Where in Portland was I allowed to live in the 1940s?

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Oregon, a beautiful state and a wonderful home, is plagued with a racist past that seems to be rarely acknowledged. Originally founded as a free state was only free because it did not allow any Black people to live there at all. Other ethnic groups such as Asian people were not all that welcome either. In 1926, the state repealed its Exclusion Law which then allowed Blacks to live in Oregon. However, White Oregonians did not want to live in mixed neighborhoods. Then, came in redlining. On the map, it shows that blue and green areas are the best places to live while the yellow and red are not.

So, let’s go back in time to 1940 where, an Asian American woman, I was allowed to somehow work on the railroads. Of course, with 2 kids, I would like to live in a good area. Giving the kids a good home with a good school was the whole point of me immigrating to the U.S. It is interesting that the green areas on the map are far from my workplace. I guess the next best thing could be this Irvington neighborhood.

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Let’s see what the security map says about pros and cons:

Pro:

  1. Schools
  2. Churches
  3. Recreational Areas
  4. Shopping centers
  5. Near city center

Cons:

  1. Proximity to Lower Albina and the Alberta Districts. I think that’s where other Asians and Black Americans live. Why is this listed as a con?

I found a house for sale on N.E. 22nd Ave… The previous owners were tailors and stock-keepers. The neighborhood seems consistent with businessmen, white-collar workers. I’m not sure I’ll be able to afford this.

I think I found another home in the lower Albina (outlined in bolded lines).

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Here are some Pros and Cons about Lower Albina from 1940:

Pro:

  1. Convenience to the city center
  2. Schools
  3. Churches
  4. Recreational areas
  5. Trading centers

Cons:

  1. Extremely heterogeneous population
  2. Dilapidated improvements
  3. Encroachment of business

I wonder why these cons seem so deterring for me. I guess the home is within my price range and my ability to get a loan. The previous owners held jobs such as housekeeper and cook. Though I wish I could live in the Irvington area, I guess I’ll settle for the Lower Albina area.

Back in the present-day: Based on the data from the security maps, it is easy to understand that the areas in the blue area in nicer areas, dominantly White communities. In the communities where there are people of color, the communities would progressively be less as valuable. Using the pros and cons of information from the security maps can show a better comparison of how the HOLC viewed the different parts of Portland. In the end, as an Asian-American. I would have a hard time finding a home in a good area where I would want, though I would likely want to be close to my ethnic community.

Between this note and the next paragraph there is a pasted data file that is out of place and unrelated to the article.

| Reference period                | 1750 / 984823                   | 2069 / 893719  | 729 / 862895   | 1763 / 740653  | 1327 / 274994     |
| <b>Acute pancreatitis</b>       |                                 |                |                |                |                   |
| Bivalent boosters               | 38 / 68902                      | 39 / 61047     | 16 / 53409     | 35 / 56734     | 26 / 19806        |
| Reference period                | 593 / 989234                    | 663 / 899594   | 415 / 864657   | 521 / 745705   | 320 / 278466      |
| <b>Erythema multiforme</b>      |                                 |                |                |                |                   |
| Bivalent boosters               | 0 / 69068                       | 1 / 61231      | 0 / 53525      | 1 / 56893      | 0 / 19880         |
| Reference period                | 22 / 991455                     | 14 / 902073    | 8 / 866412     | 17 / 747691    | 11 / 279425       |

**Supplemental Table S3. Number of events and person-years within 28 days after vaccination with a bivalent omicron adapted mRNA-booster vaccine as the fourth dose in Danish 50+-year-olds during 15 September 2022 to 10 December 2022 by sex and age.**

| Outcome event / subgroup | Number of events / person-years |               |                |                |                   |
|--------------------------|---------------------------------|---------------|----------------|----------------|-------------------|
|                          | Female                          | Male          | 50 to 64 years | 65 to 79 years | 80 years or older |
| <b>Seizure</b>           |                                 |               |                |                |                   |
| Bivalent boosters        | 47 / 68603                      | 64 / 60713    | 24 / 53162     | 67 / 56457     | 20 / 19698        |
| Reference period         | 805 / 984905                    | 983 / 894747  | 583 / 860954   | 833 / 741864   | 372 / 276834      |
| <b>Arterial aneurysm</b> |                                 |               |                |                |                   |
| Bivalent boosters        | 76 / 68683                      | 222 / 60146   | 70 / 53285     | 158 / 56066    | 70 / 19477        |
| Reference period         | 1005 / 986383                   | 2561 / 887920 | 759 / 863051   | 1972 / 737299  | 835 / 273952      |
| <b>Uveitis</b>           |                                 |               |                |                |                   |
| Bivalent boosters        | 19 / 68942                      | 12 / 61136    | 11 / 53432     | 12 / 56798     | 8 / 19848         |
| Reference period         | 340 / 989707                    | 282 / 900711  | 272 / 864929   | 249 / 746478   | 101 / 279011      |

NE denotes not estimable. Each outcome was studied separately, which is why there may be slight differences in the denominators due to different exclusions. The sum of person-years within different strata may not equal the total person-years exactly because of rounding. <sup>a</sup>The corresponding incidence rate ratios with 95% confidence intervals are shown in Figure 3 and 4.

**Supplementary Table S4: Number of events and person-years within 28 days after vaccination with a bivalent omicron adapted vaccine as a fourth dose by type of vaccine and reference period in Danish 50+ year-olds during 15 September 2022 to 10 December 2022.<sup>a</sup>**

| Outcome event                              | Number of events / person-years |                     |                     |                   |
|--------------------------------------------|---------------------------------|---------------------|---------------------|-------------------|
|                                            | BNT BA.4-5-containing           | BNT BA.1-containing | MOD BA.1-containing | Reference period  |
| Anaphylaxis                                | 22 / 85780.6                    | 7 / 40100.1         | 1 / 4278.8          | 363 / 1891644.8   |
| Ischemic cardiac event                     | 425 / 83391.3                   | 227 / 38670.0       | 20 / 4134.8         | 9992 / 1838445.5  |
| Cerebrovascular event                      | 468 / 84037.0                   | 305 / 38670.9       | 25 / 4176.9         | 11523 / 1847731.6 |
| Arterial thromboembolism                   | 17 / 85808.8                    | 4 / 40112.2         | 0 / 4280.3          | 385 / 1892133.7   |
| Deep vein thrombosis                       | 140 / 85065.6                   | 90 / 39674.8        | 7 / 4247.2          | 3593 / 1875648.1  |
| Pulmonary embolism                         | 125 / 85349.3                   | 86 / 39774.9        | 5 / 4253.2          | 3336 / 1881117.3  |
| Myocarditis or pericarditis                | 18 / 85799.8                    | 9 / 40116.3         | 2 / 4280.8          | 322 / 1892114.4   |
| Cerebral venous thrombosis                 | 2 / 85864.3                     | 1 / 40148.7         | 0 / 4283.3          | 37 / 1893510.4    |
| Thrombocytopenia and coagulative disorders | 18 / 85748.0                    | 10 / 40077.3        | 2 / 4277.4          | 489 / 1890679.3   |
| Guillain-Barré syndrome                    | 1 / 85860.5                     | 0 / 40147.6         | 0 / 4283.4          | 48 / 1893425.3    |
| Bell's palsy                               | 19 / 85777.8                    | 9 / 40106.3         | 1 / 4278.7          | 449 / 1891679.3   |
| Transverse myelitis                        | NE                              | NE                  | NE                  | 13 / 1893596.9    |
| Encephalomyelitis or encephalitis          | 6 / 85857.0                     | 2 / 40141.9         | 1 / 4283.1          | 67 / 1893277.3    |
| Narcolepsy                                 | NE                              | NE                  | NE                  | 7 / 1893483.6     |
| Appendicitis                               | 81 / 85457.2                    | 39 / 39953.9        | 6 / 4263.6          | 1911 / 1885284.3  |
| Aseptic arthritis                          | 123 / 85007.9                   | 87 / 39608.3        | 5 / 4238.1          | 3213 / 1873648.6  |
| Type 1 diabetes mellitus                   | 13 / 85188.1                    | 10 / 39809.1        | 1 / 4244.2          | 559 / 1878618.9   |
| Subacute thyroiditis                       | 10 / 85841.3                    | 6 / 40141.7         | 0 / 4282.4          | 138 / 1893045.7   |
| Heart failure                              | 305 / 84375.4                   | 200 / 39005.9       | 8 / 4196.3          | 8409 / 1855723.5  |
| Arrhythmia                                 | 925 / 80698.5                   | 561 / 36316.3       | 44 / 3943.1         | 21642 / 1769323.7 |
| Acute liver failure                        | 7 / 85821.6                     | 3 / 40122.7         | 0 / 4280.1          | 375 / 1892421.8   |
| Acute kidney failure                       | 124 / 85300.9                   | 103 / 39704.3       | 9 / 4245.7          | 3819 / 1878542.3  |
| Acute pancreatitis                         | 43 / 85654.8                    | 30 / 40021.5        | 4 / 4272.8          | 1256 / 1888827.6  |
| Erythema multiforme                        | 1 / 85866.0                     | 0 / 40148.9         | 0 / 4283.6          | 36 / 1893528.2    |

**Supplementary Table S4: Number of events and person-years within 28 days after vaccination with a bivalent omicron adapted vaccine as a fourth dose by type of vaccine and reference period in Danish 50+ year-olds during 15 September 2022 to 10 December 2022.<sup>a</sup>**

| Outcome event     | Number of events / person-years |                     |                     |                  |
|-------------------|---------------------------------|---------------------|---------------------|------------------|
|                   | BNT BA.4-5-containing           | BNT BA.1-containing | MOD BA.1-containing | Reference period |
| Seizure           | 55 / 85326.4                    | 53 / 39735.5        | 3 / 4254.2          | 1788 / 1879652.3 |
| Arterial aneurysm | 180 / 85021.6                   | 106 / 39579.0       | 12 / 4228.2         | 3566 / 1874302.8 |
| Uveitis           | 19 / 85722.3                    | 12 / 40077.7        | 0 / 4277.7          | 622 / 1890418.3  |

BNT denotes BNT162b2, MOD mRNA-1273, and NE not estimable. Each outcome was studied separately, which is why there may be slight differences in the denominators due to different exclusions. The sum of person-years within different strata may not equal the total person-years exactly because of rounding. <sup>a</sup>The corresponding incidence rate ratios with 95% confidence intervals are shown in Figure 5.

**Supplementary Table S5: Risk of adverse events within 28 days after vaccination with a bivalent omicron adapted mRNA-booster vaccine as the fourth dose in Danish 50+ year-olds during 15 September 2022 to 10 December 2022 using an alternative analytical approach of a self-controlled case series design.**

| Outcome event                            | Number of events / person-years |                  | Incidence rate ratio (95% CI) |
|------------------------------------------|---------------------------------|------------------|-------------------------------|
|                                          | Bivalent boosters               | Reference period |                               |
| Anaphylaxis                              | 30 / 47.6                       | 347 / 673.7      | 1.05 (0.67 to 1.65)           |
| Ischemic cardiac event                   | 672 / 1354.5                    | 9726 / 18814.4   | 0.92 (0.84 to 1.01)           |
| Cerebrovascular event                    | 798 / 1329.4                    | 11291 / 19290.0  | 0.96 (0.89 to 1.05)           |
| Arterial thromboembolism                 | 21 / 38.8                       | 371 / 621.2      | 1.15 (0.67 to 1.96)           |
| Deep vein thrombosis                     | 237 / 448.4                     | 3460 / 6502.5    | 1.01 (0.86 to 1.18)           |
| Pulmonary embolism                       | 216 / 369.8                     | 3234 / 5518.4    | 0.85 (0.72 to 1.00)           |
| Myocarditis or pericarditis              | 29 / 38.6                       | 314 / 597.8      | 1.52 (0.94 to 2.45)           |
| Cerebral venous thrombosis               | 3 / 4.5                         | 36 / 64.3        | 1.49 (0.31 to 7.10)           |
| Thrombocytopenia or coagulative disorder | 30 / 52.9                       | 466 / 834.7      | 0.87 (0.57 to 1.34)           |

5 Replies to “Where in Portland was I allowed to live in the 1940s?”

  1. Hi Angela,

    I thought you took this post in a really cool direction! I think Oregon can be so interesting to look at because Portland is often painted as a very welcoming city for diverse residents, but in reality, Oregon has such a blatantly racist history. It is clear that the redlining in Portland made it incredibly hard for POC to find a good place to live, as you mentioned. And then today we are facing a whole different issue with gentrification. Overall, I thought this was really well done and still super relevant.

  2. An impressive post. I like your creative approach to telling an important story. You skillfully weave a personal narrative into the historical data. And most importantly you shed light on Portland’s racist past. Truly sad, when you realize how Asians were exploited as cheap labor. Then cut off from immigration to US.

    When I was first exploring the maps, I was surprised Ladd’s Addition was a “definitely declining – yellow area.” (I like to bike through there – beautiful homes and layout). It said “Infiltration of undesirable racial elements.” “It is now a typical declining area. There are now 9 or 10 better class Chinese families residents of the areas, and class of inhabitants is slowly declining.”

  3. This was a great idea, and a really interesting way of looking at how to view the HOLC data. Oregon has a long way to go…so does the rest of the US, frankly…

    Your lesson is really-well made. I’m wondering how it could be translated to younger students. I like the idea splitting the class into groups and giving them each a SES and racial background? Just a thought.

  4. Hi Angela,

    I love your post about what it means for an Asian-American living in Portland. Back then neighborhoods did not want to have a cultural mix and would rather surround themselves with people that are like them. Dare I say, things have changed. Today, a lot of communities are getting racially profiled based on the majority of races that live there.

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